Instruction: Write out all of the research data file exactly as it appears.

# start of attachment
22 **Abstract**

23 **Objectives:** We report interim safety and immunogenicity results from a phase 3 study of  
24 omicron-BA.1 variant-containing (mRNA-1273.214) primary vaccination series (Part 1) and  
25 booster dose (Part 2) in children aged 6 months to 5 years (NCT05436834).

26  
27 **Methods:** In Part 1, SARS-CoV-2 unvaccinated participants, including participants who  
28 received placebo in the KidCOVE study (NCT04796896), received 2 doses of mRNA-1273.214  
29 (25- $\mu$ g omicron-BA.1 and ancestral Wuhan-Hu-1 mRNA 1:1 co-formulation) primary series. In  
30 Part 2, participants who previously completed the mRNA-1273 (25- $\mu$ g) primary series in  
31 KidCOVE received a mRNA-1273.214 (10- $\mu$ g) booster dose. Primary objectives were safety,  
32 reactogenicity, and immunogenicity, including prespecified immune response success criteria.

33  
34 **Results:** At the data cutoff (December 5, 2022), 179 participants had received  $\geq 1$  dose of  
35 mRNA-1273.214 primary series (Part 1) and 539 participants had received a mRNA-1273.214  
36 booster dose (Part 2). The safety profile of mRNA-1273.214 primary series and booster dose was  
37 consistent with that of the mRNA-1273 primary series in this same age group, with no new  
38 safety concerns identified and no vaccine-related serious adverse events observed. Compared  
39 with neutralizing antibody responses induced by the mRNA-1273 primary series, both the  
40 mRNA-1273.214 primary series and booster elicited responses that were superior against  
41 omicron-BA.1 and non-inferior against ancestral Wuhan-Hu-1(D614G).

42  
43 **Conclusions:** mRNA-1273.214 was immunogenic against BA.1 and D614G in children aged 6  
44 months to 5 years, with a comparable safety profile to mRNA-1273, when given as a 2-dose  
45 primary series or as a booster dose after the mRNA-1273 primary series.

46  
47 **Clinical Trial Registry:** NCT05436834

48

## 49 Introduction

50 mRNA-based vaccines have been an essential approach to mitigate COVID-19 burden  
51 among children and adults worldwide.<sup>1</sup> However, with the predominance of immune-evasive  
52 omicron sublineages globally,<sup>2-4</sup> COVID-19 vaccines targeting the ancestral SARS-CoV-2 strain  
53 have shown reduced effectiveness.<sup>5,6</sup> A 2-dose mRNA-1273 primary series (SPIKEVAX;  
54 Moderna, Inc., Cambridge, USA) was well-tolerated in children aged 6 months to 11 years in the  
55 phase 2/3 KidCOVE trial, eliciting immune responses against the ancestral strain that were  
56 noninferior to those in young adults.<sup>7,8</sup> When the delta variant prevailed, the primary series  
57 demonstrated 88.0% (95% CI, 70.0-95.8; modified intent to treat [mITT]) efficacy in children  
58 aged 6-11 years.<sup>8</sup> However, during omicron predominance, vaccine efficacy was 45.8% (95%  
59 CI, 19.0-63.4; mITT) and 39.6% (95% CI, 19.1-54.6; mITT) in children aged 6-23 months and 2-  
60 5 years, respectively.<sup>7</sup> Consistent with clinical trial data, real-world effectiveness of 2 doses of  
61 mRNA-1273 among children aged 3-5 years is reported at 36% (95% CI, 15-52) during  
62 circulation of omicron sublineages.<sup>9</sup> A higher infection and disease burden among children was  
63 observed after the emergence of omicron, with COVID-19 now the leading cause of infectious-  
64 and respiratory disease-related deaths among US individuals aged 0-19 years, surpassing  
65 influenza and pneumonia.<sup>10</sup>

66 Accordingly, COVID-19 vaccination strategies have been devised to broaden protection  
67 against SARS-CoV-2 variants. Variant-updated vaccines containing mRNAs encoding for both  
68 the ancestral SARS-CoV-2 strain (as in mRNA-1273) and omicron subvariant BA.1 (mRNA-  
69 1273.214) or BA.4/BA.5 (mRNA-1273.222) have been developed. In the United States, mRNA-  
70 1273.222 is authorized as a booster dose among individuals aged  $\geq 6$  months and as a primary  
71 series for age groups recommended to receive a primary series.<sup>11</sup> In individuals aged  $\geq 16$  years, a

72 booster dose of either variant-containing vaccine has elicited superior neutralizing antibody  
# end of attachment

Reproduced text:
22 **Abstract**

23 **Objectives:** We report interim safety and immunogenicity results from a phase 3 study of  
24 omicron-BA.1 variant-containing (mRNA-1273.214) primary vaccination series (Part 1) and  
25 booster dose (Part 2) in children aged 6 months to 5 years (NCT05436834).

26  
27 **Methods:** In Part 1, SARS-CoV-2 unvaccinated participants, including participants who  
28 received placebo in the KidCOVE study (NCT04796896), received 2 doses of mRNA-1273.214  
29 (25- $\mu$ g omicron-BA.1 and ancestral Wuhan-Hu-1 mRNA 1:1 co-formulation) primary series. In  
30 Part 2, participants who previously completed the mRNA-1273 (25- $\mu$ g) primary series in  
31 KidCOVE received a mRNA-1273.214 (10- $\mu$ g) booster dose. Primary objectives were safety,  
32 reactogenicity, and immunogenicity, including prespecified immune response success criteria.

33  
34 **Results:** At the data cutoff (December 5, 2022), 179 participants had received  $\geq 1$  dose of  
35 mRNA-1273.214 primary series (Part 1) and 539 participants had received a mRNA-1273.214  
36 booster dose (Part 2). The safety profile of mRNA-1273.214 primary series and booster dose was  
37 consistent with that of the mRNA-1273 primary series in this same age group, with no new  
38 safety concerns identified and no vaccine-related serious adverse events observed. Compared  
39 with neutralizing antibody responses induced by the mRNA-1273 primary series, both the  
40 mRNA-1273.214 primary series and booster elicited responses that were superior against  
41 omicron-BA.1 and non-inferior against ancestral Wuhan-Hu-1(D614G).

42  
43 **Conclusions:** mRNA-1273.214 was immunogenic against BA.1 and D614G in children aged 6  
44 months to 5 years, with a comparable safety profile to mRNA-1273, when given as a 2-dose  
45 primary series or as a booster dose after the mRNA-1273 primary series.

46  
47 **Clinical Trial Registry:** NCT05436834

48

## 49 Introduction

50 mRNA-based vaccines have been an essential approach to mitigate COVID-19 burden  
51 among children and adults worldwide.<sup>1</sup> However, with the predominance of immune-evasive  
52 omicron sublineages globally,<sup>2-4</sup> COVID-19 vaccines targeting the ancestral SARS-CoV-2 strain  
53 have shown reduced effectiveness.<sup>5,6</sup> A 2-dose mRNA-1273 primary series (SPIKEVAX;  
54 Moderna, Inc., Cambridge, USA) was well-tolerated in children aged 6 months to 11 years in the  
55 phase 2/3 KidCOVE trial, eliciting immune responses against the ancestral strain that were  
56 noninferior to those in young adults.<sup>7,8</sup> When the delta variant prevailed, the primary series  
57 demonstrated 88.0% (95% CI, 70.0-95.8; modified intent to treat [mITT]) efficacy in children  
58 aged 6-11 years.<sup>8</sup> However, during omicron predominance, vaccine efficacy was 45.8% (95%  
59 CI, 19.0-63.4; mITT) and 39.6% (95% CI, 19.1-54.6; mITT) in children aged 6-23 months and 2-  
60 5 years, respectively.<sup>7</sup> Consistent with clinical trial data, real-world effectiveness of 2 doses of  
61 mRNA-1273 among children aged 3-5 years is reported at 36% (95% CI, 15-52) during  
62 circulation of omicron sublineages.<sup>9</sup> A higher infection and disease burden among children was  
63 observed after the emergence of omicron, with COVID-19 now the leading cause of infectious-  
64 and respiratory disease-related deaths among US individuals aged 0-19 years, surpassing  
65 influenza and pneumonia.<sup>10</sup>

66 Accordingly, COVID-19 vaccination strategies have been devised to broaden protection  
67 against SARS-CoV-2 variants. Variant-updated vaccines containing mRNAs encoding for both  
68 the ancestral SARS-CoV-2 strain (as in mRNA-1273) and omicron subvariant BA.1 (mRNA-  
69 1273.214) or BA.4/BA.5 (mRNA-1273.222) have been developed. In the United States, mRNA-  
70 1273.222 is authorized as a booster dose among individuals aged  $\geq 6$  months and as a primary  
71 series for age groups recommended to receive a primary series.<sup>11</sup> In individuals aged  $\geq 16$  years, a

72 booster dose of either variant-containing vaccine has elicited superior neutralizing antibody  